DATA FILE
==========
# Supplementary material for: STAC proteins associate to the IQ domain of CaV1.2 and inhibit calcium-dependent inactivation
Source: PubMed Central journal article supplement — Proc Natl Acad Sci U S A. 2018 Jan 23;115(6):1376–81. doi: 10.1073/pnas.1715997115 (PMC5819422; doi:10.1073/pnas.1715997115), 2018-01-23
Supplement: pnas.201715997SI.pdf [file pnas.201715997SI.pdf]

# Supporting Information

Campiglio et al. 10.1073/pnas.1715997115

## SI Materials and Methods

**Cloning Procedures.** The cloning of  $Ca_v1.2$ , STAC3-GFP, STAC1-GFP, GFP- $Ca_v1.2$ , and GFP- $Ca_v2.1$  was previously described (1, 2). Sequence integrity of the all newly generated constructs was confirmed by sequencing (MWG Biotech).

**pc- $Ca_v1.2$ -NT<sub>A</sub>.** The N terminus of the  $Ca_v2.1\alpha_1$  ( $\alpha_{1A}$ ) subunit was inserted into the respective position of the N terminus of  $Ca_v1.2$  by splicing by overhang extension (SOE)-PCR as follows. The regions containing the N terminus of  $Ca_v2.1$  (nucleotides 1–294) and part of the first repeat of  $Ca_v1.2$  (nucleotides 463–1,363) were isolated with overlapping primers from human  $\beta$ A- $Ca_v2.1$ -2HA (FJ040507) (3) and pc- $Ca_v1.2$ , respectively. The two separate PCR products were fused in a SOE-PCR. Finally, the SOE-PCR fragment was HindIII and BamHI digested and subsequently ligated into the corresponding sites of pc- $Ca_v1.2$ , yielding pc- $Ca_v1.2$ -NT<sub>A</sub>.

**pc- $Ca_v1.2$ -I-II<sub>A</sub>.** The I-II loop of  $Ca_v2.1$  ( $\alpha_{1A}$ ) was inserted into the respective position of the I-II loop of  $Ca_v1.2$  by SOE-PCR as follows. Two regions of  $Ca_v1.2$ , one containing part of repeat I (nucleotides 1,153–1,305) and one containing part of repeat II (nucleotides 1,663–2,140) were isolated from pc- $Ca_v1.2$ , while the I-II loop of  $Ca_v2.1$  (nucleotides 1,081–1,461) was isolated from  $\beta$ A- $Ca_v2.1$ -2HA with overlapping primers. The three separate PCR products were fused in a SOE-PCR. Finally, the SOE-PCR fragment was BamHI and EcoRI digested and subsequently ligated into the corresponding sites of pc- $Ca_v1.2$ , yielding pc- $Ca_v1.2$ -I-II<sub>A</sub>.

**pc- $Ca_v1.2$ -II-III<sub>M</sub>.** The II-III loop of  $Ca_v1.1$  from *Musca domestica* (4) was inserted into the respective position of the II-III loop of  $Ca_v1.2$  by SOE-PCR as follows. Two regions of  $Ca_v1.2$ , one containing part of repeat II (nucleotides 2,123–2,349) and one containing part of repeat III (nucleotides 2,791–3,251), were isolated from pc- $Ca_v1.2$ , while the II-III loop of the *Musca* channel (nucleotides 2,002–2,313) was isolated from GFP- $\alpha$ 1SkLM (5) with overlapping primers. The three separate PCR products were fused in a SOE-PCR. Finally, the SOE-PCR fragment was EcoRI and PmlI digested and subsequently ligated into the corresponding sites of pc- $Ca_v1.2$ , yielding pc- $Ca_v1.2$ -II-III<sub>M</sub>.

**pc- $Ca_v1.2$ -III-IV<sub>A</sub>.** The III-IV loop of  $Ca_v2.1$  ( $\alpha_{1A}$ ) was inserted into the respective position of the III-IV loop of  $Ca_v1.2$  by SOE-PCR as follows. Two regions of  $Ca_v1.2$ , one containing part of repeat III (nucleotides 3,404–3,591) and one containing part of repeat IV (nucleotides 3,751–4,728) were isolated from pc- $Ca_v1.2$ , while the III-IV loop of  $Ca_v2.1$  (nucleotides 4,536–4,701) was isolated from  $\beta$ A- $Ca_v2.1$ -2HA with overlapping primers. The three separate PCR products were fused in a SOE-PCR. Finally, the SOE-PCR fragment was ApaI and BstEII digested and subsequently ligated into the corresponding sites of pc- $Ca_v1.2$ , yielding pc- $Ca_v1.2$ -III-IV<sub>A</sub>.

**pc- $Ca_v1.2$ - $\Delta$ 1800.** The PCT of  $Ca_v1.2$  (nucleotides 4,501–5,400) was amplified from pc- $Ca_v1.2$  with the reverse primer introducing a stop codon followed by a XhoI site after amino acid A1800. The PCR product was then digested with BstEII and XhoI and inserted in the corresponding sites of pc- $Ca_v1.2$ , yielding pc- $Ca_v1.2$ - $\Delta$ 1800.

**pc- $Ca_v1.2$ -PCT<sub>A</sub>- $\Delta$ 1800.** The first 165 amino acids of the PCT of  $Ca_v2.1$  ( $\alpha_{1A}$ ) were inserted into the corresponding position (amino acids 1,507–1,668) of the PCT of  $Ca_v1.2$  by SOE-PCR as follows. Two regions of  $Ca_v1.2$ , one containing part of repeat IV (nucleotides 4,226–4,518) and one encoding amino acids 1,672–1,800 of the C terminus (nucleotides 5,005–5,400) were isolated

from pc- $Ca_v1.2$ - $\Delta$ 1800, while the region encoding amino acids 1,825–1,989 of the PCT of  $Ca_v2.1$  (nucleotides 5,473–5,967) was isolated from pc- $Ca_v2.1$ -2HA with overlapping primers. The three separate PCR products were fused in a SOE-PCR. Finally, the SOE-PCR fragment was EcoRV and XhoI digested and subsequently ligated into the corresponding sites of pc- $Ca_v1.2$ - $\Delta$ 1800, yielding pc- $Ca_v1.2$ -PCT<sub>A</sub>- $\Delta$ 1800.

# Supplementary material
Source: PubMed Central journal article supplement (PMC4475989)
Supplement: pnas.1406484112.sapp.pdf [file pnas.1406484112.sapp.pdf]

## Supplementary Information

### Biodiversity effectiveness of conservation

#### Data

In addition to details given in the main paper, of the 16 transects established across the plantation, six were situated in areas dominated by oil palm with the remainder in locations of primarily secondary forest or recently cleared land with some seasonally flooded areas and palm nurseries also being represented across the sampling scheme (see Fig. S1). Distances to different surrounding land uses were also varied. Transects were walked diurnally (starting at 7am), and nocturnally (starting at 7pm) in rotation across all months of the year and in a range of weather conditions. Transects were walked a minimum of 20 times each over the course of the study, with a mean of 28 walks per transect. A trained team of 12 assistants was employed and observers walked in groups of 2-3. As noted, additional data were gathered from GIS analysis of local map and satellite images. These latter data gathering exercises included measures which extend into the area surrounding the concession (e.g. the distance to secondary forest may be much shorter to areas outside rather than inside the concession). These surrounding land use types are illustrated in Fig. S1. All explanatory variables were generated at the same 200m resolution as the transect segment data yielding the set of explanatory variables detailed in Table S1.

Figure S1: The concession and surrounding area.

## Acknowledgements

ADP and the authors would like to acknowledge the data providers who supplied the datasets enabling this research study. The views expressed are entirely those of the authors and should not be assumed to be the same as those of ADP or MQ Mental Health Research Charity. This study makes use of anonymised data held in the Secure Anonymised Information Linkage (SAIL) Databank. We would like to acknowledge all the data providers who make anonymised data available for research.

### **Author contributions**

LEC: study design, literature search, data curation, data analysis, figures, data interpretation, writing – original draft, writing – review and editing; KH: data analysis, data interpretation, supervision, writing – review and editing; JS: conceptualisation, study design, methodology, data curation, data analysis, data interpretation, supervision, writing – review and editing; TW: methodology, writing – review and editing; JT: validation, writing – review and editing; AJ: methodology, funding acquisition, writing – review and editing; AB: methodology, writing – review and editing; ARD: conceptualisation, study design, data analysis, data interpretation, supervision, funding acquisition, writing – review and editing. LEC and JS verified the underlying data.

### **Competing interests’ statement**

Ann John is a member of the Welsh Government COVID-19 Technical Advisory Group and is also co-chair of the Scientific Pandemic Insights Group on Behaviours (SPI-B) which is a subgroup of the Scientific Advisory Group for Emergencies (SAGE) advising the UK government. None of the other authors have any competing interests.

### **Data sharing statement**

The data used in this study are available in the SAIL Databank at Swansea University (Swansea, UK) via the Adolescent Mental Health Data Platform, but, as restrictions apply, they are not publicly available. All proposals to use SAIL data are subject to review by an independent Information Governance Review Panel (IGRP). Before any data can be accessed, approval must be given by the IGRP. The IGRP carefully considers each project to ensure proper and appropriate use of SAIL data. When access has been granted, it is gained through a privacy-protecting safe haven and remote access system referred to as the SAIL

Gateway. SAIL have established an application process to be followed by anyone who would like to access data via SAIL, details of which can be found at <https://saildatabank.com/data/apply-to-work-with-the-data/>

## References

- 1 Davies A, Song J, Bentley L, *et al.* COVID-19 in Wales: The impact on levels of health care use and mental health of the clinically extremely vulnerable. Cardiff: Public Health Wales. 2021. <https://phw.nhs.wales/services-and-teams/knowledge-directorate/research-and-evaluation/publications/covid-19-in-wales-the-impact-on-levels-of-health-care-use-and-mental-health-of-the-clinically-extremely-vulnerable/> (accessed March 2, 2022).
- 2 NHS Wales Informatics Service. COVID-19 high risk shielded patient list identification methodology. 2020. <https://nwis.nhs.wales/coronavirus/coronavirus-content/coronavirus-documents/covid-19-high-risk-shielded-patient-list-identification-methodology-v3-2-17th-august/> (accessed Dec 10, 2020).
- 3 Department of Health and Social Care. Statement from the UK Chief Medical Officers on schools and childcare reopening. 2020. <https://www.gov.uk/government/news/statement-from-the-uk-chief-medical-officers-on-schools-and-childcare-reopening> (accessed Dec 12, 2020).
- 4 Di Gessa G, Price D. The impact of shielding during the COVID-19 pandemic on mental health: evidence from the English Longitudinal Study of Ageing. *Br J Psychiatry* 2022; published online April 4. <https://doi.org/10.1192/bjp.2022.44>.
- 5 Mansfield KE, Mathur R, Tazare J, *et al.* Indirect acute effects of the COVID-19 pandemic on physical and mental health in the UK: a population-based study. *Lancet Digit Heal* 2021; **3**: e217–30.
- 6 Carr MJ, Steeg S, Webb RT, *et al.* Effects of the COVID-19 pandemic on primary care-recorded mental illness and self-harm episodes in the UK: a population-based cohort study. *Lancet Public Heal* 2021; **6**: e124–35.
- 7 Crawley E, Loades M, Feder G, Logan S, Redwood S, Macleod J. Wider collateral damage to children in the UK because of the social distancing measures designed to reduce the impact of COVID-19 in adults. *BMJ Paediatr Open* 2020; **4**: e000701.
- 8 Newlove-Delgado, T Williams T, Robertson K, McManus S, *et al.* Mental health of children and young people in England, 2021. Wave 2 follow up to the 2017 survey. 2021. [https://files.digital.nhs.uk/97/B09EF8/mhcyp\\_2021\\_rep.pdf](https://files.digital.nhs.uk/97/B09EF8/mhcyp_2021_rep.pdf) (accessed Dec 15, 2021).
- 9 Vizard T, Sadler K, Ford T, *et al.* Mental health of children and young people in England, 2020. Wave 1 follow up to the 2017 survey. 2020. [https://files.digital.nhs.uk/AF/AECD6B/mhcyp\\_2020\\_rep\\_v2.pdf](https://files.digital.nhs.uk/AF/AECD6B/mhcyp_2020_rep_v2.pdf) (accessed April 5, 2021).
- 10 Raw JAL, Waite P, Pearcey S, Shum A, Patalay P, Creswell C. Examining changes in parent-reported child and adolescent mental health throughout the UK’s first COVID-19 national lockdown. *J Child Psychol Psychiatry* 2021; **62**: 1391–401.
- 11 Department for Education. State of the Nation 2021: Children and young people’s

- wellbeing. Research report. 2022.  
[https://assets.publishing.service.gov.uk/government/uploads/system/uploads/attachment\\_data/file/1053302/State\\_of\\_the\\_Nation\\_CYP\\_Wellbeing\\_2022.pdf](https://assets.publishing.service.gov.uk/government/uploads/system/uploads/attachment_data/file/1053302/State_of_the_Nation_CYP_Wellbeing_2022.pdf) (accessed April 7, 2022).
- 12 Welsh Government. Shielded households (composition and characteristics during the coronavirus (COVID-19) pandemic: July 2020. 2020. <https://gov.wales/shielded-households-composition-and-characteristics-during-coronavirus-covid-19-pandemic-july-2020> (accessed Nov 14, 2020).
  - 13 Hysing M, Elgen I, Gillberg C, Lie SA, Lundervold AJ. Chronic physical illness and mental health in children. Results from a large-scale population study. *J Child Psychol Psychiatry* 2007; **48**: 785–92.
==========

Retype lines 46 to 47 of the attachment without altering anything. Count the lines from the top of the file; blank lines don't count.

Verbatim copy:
- 12 Welsh Government. Shielded households (composition and characteristics during the coronavirus (COVID-19) pandemic: July 2020. 2020. <https://gov.wales/shielded-households-composition-and-characteristics-during-coronavirus-covid-19-pandemic-july-2020> (accessed Nov 14, 2020).
  - 13 Hysing M, Elgen I, Gillberg C, Lie SA, Lundervold AJ. Chronic physical illness and mental health in children. Results from a large-scale population study. *J Child Psychol Psychiatry* 2007; **48**: 785–92.